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Thughur and Awasim
al-thughūr wa-l-'awāṣim
Cilicia, northern Syria and Upper Mesopotamia
Type Defensive line
Coordinates Latitude:
Built 8th century
Built by Abbasid Caliphate, Mamluk Sultanate of Egypt
In use ca. 750s–ca. 960s, 14th century–1514
Controlled by Turkey
Garrison 25,000 in ca. 780[1]

The al-'Awāṣim (Arabic language: العواصم‎, "defences, fortifications"; sing. al-'āṣimah, "protectress") was the Arabic term used to refer to the Muslim side of the frontier zone between the Byzantine Empire and the Umayyad and Abbasid Caliphates in Cilicia, northern Syria and Upper Mesopotamia.[2] It was established in the early 8th century, once the first wave of the Muslim conquests ebbed, and lasted until the mid-10th century, when it was overrun by the Byzantine advance. It comprised the forward marches, comprising a chain of fortified strongholds, known as the al-thughūr (Arabic language: الثغور‎; sing. الثغر, al-thagr, "cleft, opening"), and the rear or inner regions of the frontier zone, which was known as the al-'awāṣim proper. On the Byzantine side, the Muslim marches were mirrored by the institution of the kleisourai districts and the akritai border guards.

The term thughūr was also used in the marches of al-Andalus and Mawara al-Nahr, and survived in historical parlance, to be revived by the Egyptian Mamluks in the 14th century, when the areas traditionally comprising the 'awāṣim and thughūr in northern Syria and the northern Euphrates region came under their control.[3]

Arab–Byzantine frontier zone[edit | edit source]

Creation of the frontier zone[edit | edit source]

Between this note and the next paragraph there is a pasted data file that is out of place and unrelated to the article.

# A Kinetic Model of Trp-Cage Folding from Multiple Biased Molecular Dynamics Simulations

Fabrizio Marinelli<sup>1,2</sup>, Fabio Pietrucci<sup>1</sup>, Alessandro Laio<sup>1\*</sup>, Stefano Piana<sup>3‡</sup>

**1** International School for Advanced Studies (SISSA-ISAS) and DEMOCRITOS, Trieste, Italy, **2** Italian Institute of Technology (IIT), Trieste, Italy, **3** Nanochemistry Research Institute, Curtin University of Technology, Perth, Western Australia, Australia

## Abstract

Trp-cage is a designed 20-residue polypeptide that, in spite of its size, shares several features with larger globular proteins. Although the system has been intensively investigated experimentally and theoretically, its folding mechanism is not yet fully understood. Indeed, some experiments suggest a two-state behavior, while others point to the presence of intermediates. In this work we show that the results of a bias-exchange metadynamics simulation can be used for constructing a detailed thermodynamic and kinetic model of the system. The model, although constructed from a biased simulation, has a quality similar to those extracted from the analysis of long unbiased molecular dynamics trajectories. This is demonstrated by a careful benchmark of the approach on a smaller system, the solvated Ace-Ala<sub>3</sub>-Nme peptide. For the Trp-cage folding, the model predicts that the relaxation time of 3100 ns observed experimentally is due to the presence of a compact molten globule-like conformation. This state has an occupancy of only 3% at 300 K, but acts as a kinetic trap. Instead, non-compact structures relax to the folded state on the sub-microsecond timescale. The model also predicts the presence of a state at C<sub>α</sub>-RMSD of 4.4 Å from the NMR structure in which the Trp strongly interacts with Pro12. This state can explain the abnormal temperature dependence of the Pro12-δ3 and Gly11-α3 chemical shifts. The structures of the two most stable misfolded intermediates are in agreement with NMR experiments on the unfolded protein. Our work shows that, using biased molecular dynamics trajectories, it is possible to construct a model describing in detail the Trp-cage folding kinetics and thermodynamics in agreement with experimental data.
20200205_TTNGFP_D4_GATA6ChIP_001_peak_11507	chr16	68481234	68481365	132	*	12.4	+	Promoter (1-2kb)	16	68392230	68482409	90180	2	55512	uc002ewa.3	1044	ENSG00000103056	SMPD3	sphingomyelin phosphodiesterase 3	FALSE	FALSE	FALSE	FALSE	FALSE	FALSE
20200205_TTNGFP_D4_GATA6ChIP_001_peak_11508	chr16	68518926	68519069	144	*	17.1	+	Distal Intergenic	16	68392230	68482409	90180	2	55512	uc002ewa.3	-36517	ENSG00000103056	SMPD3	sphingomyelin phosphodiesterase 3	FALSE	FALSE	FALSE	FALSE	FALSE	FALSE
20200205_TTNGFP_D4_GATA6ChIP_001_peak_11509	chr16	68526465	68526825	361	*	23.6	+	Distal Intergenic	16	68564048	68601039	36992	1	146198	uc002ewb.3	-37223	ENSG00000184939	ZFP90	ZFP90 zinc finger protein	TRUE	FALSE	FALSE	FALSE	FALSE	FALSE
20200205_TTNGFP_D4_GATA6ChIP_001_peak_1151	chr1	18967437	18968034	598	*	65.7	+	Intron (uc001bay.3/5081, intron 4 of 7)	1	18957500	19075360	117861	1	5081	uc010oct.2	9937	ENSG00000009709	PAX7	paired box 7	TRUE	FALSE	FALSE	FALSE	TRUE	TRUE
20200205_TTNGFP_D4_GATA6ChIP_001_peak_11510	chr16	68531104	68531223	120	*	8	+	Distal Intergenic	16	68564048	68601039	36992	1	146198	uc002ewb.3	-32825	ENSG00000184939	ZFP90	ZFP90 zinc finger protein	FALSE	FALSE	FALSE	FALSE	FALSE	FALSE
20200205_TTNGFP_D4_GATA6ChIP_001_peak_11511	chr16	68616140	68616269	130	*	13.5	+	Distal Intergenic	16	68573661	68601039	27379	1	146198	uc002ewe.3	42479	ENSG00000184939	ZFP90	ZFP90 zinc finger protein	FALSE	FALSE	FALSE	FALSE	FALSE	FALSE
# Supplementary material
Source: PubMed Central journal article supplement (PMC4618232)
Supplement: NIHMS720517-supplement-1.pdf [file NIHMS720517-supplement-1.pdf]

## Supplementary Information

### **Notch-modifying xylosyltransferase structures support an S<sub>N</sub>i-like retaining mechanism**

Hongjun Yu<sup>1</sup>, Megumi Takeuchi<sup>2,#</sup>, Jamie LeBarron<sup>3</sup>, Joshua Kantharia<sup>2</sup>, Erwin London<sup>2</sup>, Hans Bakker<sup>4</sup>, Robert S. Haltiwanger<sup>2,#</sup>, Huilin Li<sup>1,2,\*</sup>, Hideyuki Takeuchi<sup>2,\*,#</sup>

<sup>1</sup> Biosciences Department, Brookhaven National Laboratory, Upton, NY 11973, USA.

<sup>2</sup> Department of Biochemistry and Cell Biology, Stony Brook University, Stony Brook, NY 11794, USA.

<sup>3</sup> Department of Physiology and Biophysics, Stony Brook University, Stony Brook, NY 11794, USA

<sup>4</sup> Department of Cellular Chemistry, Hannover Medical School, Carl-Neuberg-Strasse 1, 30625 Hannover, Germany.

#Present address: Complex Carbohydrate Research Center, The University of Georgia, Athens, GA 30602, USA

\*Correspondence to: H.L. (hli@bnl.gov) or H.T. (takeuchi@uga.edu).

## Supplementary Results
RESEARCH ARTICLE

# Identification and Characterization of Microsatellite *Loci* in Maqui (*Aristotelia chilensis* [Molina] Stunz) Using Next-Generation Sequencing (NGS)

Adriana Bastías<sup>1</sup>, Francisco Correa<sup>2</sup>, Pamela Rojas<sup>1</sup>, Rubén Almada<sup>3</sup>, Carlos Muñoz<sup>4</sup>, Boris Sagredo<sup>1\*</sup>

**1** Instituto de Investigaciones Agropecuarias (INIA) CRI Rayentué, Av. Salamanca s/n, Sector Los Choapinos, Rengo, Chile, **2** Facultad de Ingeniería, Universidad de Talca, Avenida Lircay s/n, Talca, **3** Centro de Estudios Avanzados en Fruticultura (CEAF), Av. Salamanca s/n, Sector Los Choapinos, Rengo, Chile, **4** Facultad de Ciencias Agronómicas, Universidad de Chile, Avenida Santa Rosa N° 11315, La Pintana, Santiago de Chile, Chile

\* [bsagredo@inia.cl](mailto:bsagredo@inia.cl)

Already from late 630s, after the rapid Muslim conquest of Syria, a wide zone, unclaimed by either Byzantines or Arabs and virtually deserted (known in Arabic as al-Ḍawāḥī, "the outer lands" and in Greek as τὰ ἄκρα, ta akra, "the extremities") emerged between the two powers in Cilicia, along the southern approaches of the Taurus and Anti-Taurus mountain ranges, leaving the Anatolian plateau in Byzantine hands. Both Emperor Heraclius (r. 610–641) and the Caliph 'Umar (r. 634–644) pursued a strategy of destruction within this zone, trying to transform it into an effective barrier between their realms.[2][4] Nevertheless, the ultimate aim of the caliphs remained the outright conquest of Byzantium, as they had done with its provinces in Syria, Egypt and North Africa, and it was only the failure of the Second Arab Siege of Constantinople in 717–718 that forced a revision of this strategic objective: although raids into Anatolia continued, the goal of conquest was abandoned, and the border between the two powers began to acquire more or less permanent features. For the next two centuries, border fortresses might change hands between Byzantines and Arabs, but the basic outline of the Arab–Byzantine border remained essentially unaltered.[5][6][7] Thus the term al-thughūr, which initially meant "fissures, clefts" (cf. their Greek name τὰ Στόμια, ta Stomia, "the mouths/openings") and designated the actual borderlands, came to mean "boundaries", employed in phrases like Thughūr al-Islām, "boundary of Islam" or Thughūr al-Rūmīya, "boundary of the Romans".[2][8][9]